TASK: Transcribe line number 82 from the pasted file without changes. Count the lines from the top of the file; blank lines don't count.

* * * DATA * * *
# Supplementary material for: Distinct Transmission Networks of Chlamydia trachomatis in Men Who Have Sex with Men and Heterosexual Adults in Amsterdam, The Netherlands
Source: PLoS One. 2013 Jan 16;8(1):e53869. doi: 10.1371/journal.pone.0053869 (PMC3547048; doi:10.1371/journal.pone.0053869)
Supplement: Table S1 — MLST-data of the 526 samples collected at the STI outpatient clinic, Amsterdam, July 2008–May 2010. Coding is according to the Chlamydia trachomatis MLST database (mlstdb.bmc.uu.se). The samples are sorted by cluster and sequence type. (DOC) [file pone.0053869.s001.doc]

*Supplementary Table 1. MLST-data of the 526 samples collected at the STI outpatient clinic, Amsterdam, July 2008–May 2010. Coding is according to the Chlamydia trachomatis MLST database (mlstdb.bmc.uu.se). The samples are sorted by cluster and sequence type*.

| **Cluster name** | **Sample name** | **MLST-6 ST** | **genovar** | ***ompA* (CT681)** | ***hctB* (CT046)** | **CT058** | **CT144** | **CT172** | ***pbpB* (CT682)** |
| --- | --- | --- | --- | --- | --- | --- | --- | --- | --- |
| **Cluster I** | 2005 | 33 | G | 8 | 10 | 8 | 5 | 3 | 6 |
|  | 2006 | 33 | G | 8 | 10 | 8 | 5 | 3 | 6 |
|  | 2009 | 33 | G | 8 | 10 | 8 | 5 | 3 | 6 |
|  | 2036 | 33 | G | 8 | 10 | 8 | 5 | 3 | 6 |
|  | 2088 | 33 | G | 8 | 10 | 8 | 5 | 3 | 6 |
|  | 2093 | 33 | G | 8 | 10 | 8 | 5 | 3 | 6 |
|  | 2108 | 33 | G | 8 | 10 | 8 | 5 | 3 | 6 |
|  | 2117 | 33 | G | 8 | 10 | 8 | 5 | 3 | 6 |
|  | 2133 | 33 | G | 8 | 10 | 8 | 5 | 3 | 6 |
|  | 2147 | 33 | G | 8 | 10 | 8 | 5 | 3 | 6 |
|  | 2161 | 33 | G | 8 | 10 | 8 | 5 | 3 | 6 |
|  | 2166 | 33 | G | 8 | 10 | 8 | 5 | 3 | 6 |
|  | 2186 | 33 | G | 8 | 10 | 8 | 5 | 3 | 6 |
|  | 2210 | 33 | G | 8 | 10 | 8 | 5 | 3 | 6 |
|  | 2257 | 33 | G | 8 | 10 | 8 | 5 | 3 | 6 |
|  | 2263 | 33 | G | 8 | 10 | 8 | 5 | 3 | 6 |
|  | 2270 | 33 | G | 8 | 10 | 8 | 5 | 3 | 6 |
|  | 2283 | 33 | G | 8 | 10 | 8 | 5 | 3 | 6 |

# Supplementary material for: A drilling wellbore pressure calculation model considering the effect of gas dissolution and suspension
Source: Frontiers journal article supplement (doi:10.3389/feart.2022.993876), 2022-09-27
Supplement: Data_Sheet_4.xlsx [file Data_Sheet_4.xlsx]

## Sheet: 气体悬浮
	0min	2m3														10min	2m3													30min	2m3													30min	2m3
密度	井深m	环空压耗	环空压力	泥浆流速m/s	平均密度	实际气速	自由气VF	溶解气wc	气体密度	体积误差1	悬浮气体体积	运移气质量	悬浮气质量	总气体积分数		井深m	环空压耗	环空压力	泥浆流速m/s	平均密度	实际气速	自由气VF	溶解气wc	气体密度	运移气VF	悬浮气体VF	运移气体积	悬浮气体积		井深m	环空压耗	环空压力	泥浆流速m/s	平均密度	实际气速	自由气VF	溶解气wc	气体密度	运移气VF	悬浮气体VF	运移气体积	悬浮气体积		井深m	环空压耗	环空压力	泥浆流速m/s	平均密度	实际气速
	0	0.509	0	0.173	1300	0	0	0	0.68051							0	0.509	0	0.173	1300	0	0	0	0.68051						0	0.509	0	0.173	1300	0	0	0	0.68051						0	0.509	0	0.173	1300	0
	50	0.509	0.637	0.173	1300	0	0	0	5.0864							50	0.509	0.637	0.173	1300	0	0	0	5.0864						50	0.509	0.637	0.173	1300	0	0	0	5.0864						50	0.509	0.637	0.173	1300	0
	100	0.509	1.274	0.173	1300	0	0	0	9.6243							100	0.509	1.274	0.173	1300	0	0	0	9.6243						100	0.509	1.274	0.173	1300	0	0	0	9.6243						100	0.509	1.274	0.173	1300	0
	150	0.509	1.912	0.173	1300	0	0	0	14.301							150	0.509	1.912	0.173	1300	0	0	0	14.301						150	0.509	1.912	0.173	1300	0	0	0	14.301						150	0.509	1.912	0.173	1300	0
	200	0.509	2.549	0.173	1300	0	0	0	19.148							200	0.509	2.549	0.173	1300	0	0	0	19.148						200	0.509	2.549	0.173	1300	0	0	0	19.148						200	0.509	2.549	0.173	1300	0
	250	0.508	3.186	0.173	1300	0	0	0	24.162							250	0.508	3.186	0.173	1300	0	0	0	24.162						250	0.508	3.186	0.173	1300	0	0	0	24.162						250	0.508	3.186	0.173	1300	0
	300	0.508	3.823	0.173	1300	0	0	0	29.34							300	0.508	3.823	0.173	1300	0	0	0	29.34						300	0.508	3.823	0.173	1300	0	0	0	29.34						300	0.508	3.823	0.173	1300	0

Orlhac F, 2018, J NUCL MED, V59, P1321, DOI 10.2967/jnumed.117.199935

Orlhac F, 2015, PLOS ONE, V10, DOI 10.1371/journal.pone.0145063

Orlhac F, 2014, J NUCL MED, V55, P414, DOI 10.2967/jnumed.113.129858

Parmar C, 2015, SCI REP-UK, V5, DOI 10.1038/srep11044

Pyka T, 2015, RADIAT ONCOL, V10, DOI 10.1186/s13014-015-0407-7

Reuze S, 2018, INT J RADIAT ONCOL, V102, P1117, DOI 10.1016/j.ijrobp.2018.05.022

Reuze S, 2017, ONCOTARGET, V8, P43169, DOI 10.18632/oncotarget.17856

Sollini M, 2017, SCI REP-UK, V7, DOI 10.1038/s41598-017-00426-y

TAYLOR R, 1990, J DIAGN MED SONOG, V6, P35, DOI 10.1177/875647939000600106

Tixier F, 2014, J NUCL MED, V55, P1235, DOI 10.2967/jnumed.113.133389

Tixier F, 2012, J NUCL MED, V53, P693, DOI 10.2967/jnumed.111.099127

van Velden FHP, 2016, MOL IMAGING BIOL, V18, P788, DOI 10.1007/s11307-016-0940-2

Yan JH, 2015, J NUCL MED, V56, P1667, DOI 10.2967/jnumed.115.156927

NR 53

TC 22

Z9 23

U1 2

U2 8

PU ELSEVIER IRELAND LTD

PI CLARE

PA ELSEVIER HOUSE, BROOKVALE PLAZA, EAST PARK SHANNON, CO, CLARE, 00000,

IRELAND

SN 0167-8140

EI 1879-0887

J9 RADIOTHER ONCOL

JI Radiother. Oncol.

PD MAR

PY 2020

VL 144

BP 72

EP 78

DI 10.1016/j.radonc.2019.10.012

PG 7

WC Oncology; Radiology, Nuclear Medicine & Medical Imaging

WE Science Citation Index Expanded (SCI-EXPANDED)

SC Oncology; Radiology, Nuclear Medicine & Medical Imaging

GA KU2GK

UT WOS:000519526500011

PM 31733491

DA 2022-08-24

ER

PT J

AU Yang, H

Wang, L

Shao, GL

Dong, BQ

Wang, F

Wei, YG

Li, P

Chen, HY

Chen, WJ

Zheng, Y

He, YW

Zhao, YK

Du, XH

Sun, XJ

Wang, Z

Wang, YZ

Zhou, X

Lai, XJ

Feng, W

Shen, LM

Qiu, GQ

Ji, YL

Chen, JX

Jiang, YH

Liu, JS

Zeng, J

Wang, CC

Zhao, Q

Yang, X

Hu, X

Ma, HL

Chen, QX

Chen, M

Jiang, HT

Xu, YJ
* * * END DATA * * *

Shao, GL